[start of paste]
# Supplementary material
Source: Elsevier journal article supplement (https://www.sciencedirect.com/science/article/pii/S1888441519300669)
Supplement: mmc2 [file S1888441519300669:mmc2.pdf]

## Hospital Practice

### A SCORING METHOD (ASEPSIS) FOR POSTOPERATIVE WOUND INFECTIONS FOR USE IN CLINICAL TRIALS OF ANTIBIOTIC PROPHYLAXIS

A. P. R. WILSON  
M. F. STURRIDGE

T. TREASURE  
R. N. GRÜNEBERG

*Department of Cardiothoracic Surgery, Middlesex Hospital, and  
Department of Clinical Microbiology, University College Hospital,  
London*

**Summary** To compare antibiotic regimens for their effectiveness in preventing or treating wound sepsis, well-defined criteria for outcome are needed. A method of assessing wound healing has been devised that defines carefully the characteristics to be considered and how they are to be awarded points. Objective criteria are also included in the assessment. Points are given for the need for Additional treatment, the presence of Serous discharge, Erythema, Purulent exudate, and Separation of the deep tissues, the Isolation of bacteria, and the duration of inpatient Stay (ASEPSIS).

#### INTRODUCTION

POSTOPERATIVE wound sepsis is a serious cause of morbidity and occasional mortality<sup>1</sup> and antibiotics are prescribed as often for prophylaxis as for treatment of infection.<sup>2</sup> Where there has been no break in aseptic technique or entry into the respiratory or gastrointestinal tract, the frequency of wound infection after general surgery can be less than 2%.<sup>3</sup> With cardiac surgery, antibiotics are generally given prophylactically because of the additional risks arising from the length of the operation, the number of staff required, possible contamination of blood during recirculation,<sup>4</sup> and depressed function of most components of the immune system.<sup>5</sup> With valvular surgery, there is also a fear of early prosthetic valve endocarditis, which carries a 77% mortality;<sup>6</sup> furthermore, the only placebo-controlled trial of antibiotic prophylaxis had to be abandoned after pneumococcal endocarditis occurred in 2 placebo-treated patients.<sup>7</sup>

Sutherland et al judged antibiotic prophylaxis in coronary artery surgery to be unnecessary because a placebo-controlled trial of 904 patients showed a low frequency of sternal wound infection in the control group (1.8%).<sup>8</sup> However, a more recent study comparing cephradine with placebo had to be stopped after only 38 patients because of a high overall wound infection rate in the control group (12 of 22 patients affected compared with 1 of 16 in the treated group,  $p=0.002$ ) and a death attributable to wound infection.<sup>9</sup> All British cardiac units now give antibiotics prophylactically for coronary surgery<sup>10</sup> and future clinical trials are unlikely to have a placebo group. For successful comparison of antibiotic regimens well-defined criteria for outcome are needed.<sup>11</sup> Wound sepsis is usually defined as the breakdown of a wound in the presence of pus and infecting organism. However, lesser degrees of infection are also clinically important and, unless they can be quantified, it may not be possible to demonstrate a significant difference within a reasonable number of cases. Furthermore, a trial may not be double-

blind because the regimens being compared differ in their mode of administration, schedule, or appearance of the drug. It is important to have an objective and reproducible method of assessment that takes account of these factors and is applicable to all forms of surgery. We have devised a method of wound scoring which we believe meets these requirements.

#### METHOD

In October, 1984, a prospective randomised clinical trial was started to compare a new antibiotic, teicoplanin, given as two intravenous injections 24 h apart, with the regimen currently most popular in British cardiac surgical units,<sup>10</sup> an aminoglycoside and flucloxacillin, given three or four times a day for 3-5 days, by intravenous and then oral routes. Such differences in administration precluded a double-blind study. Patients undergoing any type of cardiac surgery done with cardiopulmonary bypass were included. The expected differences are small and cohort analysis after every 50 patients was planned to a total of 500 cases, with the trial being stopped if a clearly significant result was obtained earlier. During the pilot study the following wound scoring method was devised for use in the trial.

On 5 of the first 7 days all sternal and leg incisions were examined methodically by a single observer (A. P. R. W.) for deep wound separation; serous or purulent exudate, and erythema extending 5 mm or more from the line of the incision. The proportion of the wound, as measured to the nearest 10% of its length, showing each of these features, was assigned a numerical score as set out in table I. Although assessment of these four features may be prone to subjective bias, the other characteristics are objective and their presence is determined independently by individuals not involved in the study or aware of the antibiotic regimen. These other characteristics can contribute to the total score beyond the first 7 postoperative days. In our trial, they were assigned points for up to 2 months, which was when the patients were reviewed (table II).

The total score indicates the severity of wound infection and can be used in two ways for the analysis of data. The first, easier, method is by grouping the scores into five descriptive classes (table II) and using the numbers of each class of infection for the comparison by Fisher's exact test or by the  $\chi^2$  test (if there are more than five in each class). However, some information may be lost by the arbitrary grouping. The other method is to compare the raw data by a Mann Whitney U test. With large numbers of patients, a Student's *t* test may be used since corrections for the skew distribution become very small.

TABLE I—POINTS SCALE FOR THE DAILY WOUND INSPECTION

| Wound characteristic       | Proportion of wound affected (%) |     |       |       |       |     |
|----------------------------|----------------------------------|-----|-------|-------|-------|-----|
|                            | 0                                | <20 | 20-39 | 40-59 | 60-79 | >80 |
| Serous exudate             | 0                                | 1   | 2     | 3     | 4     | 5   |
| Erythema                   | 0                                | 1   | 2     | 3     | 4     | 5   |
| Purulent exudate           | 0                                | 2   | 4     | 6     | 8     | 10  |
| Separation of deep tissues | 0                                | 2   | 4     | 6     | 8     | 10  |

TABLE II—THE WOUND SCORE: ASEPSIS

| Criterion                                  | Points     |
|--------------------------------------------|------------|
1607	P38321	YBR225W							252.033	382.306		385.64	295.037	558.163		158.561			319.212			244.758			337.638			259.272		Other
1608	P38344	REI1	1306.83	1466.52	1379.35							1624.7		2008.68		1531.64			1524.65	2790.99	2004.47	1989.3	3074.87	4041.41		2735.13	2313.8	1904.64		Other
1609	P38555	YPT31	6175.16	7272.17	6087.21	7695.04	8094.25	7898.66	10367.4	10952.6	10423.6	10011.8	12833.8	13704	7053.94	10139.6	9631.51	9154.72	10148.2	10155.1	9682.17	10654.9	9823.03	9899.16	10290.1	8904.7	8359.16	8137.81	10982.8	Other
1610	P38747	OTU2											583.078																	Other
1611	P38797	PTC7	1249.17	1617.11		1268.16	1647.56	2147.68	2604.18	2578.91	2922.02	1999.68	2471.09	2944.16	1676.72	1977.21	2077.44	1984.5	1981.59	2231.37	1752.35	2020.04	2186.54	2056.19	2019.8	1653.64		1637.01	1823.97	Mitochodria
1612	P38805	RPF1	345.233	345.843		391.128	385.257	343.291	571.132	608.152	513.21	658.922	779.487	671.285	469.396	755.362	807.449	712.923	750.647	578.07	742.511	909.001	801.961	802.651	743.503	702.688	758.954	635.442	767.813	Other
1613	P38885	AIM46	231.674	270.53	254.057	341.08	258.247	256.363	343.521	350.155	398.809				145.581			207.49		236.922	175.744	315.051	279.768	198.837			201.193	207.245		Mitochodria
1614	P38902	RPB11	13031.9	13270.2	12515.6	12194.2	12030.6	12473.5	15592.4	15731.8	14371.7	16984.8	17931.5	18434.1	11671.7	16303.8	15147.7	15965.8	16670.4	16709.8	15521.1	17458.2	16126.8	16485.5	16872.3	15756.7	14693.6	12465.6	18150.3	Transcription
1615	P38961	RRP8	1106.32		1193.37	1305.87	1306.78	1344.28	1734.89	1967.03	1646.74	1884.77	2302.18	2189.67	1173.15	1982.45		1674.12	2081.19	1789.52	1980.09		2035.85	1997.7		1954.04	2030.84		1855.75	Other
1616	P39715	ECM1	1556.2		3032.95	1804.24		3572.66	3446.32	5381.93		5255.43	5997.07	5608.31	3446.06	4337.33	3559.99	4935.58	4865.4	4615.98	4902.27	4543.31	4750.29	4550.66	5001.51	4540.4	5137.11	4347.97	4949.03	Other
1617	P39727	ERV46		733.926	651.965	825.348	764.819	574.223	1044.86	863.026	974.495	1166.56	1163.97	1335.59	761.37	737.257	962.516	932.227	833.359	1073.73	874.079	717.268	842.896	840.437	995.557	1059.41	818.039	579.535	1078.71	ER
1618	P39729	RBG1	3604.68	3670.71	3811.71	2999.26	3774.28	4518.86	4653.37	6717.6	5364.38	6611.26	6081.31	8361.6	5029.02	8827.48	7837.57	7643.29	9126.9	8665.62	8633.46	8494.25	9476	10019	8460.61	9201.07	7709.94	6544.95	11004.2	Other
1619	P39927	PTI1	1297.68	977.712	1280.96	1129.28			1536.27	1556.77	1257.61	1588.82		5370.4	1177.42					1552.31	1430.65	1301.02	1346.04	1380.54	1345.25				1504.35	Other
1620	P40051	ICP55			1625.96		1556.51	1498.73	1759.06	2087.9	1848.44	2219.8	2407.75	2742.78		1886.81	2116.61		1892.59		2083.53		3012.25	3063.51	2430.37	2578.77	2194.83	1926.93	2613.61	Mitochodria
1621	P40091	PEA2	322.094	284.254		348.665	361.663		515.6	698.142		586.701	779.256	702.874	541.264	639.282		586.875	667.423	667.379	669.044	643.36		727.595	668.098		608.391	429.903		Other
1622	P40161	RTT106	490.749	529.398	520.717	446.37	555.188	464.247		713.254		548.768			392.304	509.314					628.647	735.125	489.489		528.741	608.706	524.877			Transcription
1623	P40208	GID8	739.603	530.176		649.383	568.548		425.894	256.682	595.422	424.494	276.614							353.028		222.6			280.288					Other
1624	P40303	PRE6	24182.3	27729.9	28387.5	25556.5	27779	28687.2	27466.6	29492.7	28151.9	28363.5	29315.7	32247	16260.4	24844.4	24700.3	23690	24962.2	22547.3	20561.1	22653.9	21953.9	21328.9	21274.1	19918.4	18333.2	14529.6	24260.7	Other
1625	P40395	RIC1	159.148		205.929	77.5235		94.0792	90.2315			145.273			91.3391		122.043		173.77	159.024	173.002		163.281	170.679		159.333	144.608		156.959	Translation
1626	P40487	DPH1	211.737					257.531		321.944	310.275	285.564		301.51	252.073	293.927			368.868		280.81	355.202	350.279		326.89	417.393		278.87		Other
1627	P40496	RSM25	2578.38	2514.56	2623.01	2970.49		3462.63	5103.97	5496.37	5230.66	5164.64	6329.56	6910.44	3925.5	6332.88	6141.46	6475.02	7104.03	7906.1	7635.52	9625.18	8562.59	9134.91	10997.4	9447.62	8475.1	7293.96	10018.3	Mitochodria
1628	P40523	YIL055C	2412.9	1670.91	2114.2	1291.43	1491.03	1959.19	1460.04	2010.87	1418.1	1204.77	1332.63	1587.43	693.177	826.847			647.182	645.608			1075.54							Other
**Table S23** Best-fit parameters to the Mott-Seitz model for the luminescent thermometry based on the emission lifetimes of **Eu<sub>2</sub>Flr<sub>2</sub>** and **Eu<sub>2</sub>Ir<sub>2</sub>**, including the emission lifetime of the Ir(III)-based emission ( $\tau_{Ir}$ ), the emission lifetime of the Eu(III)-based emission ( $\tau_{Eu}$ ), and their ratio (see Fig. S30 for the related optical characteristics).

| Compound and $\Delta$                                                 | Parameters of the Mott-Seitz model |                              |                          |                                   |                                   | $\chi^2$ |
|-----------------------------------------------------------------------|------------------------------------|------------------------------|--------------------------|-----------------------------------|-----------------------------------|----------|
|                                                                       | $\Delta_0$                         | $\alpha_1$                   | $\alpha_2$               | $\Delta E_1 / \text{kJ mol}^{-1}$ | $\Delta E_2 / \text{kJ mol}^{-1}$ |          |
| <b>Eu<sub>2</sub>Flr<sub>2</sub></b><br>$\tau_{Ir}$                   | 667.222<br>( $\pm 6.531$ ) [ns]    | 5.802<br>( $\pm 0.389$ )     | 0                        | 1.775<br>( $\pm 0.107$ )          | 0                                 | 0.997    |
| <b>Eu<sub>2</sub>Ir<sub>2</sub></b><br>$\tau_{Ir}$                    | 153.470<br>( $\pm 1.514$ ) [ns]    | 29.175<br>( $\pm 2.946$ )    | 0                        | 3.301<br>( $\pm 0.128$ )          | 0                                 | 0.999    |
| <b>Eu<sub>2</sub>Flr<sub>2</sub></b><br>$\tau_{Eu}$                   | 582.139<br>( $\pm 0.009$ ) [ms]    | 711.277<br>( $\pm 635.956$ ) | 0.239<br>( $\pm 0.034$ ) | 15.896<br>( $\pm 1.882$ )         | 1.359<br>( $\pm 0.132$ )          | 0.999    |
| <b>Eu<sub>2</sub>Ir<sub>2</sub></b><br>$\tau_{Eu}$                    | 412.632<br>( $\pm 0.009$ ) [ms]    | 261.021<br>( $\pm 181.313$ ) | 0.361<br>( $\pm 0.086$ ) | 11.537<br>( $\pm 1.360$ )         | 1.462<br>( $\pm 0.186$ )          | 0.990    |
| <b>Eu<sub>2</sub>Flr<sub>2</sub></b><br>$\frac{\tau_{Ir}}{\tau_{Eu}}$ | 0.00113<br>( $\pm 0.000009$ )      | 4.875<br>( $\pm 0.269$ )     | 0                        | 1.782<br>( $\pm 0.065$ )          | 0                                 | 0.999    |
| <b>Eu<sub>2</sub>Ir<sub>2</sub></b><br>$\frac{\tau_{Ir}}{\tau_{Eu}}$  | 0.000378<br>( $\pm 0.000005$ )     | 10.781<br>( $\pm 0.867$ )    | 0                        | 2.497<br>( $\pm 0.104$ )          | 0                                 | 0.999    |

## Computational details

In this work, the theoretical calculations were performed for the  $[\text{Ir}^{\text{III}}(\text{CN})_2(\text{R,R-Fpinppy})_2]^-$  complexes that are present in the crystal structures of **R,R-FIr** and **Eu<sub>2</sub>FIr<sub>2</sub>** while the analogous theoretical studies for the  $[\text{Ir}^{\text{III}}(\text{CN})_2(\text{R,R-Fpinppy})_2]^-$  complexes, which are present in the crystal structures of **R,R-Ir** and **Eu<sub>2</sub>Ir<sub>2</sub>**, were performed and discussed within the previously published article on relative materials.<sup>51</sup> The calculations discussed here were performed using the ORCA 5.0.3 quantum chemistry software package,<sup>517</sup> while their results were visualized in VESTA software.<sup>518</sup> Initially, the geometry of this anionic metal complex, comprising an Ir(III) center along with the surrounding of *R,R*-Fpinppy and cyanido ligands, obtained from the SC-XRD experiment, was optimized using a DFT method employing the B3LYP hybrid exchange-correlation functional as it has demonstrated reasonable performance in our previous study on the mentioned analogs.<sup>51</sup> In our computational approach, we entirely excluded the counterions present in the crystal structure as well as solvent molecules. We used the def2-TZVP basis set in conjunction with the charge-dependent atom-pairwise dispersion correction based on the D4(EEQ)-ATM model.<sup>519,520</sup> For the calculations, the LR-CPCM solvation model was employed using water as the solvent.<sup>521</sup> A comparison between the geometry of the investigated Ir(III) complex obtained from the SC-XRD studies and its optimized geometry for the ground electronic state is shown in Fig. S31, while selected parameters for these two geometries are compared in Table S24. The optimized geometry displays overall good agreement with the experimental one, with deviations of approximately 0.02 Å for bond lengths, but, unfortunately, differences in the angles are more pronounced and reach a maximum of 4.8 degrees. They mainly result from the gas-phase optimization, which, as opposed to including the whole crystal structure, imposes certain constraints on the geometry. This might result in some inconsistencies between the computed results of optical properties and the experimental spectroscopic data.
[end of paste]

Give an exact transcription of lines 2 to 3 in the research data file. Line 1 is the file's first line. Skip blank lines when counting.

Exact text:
Source: Elsevier journal article supplement (https://www.sciencedirect.com/science/article/pii/S1888441519300669)
Supplement: mmc2 [file S1888441519300669:mmc2.pdf]